Posts Tagged ‘books’

“I travel not to go anywhere, but to go. The great affair is to move.” – Robert Louis Stevenson


Where the road leads, I followed. This one let to the top of Mesa Verde in Colorado. — Photo by Pat Bean

There are needs, and then there are NEEDS

I know what it means to have a tugging in your heart that must be answered. A need to be loved, when I thought I wasn’t, was the first. Fulfilling that need had both good and bad consequences, but my children, their children, and their children made the journey worthwhile.

"I Married Adenture" by Osa Johnson.

“I Married Adventure” by Osa Johnson.

The second, the one that defined me as the wondering-wanderer, started at about age 12 when I read Osa Johnson’s “I Married Adventure.” From the first pages of that book until forever,  traveling to see the world has been in my blood. Exactly how I wanted to see North America firmed up after I read William Least Heat Moon’s “Blue Highways.

The third thing that tugged at me waited until I was a young mother with young children, all of whom had given me a very vexing day. My 6-year-old son had taught his younger brothers how to climb the backyard fence, then he and his 8-year-old sister had engaged in serious sibling rivalry all day. The youngest boy, meanwhile,  had gotten into the sugar bowl and had tracked the sweet granules all over the house.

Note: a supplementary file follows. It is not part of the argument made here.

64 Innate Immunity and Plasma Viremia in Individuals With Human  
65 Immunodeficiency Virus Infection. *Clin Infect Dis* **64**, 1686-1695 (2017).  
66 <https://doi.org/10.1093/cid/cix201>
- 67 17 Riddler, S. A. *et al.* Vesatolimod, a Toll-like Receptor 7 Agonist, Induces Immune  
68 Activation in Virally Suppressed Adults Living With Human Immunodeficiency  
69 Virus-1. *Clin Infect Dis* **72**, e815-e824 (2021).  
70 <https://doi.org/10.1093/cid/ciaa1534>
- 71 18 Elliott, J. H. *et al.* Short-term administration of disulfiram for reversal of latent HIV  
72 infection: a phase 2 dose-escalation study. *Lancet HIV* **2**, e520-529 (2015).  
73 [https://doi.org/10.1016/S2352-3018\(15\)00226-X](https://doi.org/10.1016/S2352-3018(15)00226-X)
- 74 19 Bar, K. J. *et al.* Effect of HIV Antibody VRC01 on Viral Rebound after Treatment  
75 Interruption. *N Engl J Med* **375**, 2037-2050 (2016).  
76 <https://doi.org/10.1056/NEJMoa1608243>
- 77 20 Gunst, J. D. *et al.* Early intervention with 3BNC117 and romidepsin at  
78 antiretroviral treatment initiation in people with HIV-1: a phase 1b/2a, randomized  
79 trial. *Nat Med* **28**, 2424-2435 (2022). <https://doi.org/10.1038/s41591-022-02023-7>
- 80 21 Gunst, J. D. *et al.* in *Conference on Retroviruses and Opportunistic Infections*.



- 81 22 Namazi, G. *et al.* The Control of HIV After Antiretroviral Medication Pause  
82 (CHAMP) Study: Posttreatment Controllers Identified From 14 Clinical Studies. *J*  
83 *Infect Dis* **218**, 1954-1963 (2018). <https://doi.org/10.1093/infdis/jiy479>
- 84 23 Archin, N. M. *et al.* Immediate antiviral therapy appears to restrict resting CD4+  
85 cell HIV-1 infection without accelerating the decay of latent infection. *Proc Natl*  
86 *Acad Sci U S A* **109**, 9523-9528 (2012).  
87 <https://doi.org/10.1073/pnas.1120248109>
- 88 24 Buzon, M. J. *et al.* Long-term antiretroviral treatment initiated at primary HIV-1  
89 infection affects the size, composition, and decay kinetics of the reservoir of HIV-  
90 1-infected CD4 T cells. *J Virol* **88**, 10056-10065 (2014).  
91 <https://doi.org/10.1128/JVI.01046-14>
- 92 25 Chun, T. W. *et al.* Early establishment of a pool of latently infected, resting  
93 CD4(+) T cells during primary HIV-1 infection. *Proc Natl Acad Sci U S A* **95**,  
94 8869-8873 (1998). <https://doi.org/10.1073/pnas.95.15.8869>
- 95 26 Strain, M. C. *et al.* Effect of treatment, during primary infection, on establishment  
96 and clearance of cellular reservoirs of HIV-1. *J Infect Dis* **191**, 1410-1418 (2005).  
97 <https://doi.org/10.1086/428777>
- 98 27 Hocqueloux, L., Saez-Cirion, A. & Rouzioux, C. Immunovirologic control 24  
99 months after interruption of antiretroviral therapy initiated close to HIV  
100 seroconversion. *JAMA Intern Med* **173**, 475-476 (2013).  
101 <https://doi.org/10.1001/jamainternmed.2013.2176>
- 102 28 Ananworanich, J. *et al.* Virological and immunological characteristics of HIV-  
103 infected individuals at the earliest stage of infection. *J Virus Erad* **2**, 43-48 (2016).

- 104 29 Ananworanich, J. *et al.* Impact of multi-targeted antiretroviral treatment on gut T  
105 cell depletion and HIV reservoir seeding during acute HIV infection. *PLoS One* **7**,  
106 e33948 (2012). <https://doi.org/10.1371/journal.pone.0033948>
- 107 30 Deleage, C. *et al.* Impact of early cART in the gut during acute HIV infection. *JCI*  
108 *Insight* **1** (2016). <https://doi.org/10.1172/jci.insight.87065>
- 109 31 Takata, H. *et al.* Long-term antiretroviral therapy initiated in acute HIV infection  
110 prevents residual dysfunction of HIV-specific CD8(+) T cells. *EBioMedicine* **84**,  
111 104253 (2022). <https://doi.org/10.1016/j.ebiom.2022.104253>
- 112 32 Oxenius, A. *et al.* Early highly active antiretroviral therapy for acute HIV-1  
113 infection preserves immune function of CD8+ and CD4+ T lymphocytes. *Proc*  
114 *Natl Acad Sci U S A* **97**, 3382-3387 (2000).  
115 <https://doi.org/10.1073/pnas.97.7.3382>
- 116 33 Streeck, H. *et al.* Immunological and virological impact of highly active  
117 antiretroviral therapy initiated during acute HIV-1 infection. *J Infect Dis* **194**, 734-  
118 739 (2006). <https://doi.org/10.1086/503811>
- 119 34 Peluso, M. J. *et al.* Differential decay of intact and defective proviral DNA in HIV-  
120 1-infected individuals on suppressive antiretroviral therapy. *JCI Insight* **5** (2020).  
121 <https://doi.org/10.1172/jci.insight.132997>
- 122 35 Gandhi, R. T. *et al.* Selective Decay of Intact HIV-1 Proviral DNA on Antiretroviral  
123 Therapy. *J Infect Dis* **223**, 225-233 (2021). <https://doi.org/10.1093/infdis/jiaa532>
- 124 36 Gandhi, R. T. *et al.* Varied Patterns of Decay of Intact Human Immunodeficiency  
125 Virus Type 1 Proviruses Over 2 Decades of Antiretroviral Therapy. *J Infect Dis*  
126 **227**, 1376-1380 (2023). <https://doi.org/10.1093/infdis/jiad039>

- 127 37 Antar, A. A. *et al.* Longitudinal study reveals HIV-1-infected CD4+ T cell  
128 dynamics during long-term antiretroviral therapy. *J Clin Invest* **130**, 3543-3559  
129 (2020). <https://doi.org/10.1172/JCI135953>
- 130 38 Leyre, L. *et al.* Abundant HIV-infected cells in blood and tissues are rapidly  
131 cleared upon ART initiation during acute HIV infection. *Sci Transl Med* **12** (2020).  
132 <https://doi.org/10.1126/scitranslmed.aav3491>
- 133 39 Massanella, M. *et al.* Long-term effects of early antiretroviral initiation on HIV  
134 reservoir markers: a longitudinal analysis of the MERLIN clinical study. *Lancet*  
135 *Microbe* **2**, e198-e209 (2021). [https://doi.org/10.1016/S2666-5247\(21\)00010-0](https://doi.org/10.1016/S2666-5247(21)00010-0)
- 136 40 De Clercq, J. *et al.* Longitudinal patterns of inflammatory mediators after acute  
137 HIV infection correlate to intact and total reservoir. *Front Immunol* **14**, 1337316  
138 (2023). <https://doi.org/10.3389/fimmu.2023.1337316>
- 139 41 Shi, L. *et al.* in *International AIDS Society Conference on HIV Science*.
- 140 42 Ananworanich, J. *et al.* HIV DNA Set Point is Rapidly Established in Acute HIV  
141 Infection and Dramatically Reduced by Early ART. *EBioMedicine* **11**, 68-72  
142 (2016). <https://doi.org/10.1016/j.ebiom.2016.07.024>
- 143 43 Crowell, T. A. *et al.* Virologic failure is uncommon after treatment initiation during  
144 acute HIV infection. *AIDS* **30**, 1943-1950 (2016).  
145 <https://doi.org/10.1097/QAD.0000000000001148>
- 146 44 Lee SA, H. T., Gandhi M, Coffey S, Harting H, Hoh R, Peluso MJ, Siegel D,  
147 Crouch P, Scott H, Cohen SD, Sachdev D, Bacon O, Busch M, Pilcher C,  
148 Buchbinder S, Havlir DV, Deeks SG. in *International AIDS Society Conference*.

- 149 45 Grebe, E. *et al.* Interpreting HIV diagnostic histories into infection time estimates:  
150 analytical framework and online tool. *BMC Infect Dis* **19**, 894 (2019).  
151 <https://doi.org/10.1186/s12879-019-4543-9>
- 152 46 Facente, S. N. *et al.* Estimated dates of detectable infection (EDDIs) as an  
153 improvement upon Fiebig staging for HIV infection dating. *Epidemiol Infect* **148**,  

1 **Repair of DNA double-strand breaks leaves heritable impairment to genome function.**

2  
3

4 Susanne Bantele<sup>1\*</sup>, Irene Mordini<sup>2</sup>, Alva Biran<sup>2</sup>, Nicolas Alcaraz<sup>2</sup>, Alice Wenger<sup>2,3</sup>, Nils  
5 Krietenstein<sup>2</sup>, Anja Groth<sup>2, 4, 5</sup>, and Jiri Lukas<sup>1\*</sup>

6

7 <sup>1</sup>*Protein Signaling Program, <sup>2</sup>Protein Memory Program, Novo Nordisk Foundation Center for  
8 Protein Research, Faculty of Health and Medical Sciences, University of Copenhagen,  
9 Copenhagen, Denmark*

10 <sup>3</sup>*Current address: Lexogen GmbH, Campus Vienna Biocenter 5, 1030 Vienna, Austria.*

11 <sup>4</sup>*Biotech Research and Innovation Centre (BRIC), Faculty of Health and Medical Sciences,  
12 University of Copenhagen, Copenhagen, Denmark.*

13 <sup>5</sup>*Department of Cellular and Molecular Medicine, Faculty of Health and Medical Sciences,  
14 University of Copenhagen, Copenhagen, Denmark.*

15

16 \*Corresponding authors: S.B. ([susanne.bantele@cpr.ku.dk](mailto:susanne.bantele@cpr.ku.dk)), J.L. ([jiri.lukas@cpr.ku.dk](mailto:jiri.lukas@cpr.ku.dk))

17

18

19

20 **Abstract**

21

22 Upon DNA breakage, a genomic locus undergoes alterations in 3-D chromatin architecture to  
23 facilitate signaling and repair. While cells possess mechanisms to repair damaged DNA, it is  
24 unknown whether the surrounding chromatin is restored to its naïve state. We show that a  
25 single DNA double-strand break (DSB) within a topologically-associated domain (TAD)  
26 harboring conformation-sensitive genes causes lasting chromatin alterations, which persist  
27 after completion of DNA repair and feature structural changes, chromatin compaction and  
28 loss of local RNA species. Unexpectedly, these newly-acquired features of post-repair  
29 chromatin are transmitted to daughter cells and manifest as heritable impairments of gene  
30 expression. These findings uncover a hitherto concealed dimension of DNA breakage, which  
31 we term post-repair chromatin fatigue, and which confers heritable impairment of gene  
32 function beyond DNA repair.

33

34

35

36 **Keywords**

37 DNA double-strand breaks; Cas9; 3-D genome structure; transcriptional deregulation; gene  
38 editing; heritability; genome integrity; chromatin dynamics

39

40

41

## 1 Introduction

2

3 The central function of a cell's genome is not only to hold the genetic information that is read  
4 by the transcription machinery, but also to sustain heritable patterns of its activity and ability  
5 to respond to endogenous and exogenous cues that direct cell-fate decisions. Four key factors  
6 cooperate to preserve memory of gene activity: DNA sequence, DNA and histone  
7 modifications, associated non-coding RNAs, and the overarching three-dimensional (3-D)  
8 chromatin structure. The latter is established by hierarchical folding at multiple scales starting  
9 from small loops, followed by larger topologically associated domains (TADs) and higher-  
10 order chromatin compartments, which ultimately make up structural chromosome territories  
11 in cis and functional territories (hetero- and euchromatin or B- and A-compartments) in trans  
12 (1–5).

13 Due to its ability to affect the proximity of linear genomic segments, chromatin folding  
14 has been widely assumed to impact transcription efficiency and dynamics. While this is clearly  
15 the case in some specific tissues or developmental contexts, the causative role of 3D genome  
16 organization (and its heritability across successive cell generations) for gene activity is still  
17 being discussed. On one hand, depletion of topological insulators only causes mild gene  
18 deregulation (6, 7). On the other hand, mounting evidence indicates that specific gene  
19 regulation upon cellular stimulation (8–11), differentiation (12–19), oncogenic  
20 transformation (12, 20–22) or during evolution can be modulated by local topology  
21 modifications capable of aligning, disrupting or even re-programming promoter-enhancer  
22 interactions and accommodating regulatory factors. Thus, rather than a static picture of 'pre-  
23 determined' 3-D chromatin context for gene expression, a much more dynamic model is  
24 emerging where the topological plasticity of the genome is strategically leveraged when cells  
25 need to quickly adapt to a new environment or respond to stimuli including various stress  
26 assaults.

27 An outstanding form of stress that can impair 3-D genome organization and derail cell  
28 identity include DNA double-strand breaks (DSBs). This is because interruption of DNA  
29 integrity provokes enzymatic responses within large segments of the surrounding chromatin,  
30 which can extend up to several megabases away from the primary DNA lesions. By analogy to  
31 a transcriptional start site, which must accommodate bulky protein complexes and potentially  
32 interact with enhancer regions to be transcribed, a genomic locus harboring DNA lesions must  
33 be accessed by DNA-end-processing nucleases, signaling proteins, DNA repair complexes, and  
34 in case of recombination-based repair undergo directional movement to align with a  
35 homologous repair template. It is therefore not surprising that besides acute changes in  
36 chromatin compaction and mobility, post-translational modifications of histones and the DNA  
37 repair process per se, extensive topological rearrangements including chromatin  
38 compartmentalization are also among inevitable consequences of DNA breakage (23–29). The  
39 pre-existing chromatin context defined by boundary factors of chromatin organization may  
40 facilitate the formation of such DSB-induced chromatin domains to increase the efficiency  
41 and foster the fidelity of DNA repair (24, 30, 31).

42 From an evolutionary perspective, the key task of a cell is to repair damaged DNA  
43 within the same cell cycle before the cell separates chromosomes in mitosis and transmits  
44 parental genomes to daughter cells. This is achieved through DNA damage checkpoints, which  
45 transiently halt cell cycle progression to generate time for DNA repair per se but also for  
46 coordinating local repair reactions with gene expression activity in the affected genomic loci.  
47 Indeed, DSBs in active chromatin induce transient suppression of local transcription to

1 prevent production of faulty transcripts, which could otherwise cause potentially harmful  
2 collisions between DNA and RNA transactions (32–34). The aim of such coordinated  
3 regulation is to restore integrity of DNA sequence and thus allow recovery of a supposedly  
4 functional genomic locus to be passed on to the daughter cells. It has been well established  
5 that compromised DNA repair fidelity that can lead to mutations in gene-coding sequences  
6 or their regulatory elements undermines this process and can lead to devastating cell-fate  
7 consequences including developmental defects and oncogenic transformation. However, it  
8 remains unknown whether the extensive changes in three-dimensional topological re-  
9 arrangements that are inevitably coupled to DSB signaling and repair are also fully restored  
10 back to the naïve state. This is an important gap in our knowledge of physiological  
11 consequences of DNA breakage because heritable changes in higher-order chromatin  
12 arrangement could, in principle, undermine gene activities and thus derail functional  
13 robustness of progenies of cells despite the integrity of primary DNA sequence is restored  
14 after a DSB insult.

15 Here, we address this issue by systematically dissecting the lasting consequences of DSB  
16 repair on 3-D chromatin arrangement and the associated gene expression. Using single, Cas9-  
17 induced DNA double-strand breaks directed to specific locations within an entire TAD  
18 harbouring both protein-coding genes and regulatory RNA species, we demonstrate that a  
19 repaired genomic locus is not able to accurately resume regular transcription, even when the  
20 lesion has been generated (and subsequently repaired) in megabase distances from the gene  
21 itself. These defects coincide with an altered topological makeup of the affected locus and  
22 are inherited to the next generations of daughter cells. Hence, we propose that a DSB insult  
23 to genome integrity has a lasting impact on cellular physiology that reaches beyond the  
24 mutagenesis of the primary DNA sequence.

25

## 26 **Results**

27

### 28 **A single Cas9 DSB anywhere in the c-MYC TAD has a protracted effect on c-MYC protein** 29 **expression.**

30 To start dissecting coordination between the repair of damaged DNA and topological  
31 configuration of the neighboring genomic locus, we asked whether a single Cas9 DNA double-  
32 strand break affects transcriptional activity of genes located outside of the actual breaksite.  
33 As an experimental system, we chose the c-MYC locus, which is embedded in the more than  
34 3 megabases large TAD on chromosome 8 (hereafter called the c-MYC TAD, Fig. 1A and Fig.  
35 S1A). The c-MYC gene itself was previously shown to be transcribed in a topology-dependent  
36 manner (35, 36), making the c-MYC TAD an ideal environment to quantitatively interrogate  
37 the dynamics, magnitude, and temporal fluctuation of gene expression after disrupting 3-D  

I was close to being a sobbing mess when my 4-year-old son gifted me with a stemless yellow flower. The adoring look in his eyes turned what had been a shadowed day into one of bright sunshine. Never mind that he had stolen the flower from the neighbor’s yard.

blue-highways-2At about 2 a.m. the next morning, I woke up and felt this burning need to write about how that yellow flower had affected me. From that minute forward, I have needed to write as much as I needed to breathe.

Perhaps that is why when I learned about Steven Newman’s book, “Worldwalk,” in which he wrote about his four-year walk around the world, I knew it was a book I had to read.

I quickly discovered that the 1989 book –which details Steve’s optimistic 15,000-mile trek (of course he took boats where he couldn’t walk) across five continents and 20 countries, with only what would fit in a backpack — was not just not available on Kindle, it was out of print.

Thanks to the Internet, however, I found a rag-eared, stained paperback, copy for which I paid $1 plus $3.99 in shipping charges. The book didn’t disappoint, and I highly recommend it to any reader who believes the good in this world outweighs the bad, and who has an insatiable need to see the world, even if from an armchair.